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Western media dominates Africa due to its lack of free press


Inside CNN's 24-hour newsroom

by Joseph Earnest  August 10, 2012                   


Newscast Media WASHINGTON, D.C.—From the suburbs of Cairo, to the townships around Capetown, satellite dishes are a familiar sight on rooftops, within the Continent.  Dominating the TV screens are news bulletins, programs or documentaries produced by the western media.  Even with local programming from the motherland, Africans are willing to pay extra fees for cable channels broadcasting from the West.


Yet behind this gravitation away from local programming to western news agencies lies a phenomenon occurring in countries that have not been too kind with their local press.  For example, most of the well-funded media outlets in Africa are state-owned. This allows the news programmers, editors and directors to pick and choose what to show the public.  There are virtually no independent media outlets on the Content that have the liberty to publish or broadcast news critical of the state, due to fear of arrest or losing the government-approved media licenses.


No such thing as the free press exists in Africa, because those who have tried to break away from the mainstream news outlets and report the truth with honesty, have either been jailed, threatened with arrest or have lawsuits dancing on their shoulders.  The other media outlets that appear to be alternative and independent news sources have either been bought off, and are therefore compromised, or are in the process of being shut down due to their straightforward reporting.


Journalists are the most persecuted group of human rights defenders in the continent, according to Zambian Watchdog. (pop-up)


Some might argue that a country like South Africa gives media practitioners more latitude in terms of reporting. However, South Africa recently passed the "Protection of Information" bill that is commonly known as the Secrecy Bill. Many are concerned about the bill and have been critical of it.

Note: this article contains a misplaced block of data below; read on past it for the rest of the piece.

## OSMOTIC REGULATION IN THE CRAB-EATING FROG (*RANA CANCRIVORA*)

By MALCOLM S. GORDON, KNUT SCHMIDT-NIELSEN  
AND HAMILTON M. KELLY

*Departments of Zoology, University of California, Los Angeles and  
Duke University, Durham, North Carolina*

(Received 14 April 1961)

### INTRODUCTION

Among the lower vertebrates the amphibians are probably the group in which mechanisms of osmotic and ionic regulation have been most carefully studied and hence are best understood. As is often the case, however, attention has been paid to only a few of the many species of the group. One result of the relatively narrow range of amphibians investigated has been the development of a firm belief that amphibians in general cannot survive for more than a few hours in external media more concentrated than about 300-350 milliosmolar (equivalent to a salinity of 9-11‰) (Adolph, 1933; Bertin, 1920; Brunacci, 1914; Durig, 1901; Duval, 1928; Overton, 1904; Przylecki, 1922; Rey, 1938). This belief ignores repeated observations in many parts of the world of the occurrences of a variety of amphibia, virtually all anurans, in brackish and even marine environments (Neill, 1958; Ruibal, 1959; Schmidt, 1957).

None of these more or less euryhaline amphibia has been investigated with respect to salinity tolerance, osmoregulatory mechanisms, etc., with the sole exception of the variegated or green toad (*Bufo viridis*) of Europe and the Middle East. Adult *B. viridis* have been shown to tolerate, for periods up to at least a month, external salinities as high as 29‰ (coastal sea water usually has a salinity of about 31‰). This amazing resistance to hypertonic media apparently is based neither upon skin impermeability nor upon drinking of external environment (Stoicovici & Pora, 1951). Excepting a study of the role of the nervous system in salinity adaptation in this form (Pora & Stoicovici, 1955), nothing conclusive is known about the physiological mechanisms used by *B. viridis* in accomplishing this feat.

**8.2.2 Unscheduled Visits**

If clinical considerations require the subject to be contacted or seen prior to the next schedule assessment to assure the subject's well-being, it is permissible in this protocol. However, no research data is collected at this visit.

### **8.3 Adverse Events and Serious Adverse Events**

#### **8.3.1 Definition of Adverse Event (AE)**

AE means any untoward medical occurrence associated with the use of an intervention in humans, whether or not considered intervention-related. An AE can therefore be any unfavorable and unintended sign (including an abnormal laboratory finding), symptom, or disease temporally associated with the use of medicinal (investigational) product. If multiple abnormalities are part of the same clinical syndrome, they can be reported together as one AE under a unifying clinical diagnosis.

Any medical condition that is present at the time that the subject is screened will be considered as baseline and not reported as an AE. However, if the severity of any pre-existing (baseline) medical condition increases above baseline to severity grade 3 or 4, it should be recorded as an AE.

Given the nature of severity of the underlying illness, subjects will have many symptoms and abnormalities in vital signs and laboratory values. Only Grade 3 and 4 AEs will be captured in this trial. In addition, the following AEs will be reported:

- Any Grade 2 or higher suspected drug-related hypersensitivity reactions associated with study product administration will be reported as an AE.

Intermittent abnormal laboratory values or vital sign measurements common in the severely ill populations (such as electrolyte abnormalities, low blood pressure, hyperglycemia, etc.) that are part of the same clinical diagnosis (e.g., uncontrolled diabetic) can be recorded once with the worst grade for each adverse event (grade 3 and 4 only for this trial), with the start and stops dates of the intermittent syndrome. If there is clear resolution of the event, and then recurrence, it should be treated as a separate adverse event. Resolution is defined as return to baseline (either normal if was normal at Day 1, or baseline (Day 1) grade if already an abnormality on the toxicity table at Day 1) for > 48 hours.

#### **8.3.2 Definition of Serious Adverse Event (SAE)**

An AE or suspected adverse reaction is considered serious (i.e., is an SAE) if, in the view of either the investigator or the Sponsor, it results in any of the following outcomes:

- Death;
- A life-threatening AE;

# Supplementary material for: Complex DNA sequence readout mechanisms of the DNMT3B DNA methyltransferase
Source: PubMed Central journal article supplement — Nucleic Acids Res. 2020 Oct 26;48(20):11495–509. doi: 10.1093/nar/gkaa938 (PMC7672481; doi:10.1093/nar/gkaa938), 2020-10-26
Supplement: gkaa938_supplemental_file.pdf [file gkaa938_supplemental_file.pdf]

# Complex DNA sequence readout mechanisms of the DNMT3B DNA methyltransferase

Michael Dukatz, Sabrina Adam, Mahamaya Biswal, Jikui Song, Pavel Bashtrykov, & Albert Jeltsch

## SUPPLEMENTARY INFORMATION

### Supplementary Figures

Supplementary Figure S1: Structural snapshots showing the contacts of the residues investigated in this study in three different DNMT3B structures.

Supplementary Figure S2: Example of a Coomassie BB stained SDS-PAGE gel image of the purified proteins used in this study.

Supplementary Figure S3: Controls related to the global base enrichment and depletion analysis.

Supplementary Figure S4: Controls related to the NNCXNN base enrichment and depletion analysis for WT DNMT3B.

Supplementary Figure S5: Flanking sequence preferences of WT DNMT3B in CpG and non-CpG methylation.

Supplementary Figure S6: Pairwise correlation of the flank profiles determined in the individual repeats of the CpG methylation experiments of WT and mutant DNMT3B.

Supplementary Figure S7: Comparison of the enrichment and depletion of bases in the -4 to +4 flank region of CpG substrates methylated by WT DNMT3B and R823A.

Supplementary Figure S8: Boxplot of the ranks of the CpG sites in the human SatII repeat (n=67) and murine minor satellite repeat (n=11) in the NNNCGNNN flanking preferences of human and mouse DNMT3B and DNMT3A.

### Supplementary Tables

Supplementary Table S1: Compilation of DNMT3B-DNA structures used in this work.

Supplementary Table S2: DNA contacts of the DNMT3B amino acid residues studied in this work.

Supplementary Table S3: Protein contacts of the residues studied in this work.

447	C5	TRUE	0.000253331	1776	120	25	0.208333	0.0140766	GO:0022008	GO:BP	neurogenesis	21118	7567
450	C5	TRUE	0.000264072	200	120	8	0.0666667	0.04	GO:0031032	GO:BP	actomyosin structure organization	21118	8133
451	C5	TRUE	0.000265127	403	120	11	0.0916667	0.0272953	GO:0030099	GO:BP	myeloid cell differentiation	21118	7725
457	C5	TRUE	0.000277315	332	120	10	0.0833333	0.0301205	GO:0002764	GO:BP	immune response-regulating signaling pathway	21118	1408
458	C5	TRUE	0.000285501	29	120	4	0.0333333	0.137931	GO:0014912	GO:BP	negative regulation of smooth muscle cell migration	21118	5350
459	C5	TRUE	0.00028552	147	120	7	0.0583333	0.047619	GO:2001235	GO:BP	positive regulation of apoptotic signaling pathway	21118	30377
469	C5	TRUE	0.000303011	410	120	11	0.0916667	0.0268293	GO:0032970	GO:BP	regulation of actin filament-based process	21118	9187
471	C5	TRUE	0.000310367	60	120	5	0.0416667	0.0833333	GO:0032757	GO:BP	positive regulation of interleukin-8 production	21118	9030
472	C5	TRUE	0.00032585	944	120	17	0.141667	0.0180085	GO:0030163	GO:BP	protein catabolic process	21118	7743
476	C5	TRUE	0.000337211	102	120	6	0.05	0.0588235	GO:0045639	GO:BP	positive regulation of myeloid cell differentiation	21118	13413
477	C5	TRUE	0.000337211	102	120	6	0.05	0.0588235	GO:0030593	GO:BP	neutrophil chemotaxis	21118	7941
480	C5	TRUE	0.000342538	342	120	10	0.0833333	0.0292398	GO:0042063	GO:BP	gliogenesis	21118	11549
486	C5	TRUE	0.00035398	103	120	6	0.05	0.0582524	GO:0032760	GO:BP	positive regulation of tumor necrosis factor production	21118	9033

"The Secrecy Bill, would eliminate whistleblower protections, force journalists to reveal their sources, and criminalize the withholding of classified information. The bill does not allow for a "public interest defense," meaning that journalists would not be protected for leaking information even when exposing government corruption or misconduct. Sentences may be as high as 25 years," according to this detailed article by PEN International. (pop-up)


As long as journalists in Africa, who are supposed to be the watchdogs and gatekeepers of society encounter hostility from their local governments, there will always be a vacuum that western media will fill.

Click here to download or read the entire Protection of Information bill. (pop-up)


Why do many Africans rely on the western media for comprehensive news? It is because they get from the West what they can never get from the local, African media—investigative journalism.  Many viewers want a broader scope of what is happening—not only within their borders, but in neighboring countries. News outlets like BBC, ABC News, CNN, Al Jazeera, Press TV and so forth, are more likely to give a detailed report about what is going on in the Democratic Republic of Congo, or the tension between Tanzania and Malawi over Lake Malawi, without fear of government retaliation.  A local journalist on the other hand, would be in fear of his or her life for even hosting an investigative program that implicates people in power. This New York Times article talks about how a free African press is needed more than ever, as a key institution of development. (pop-up)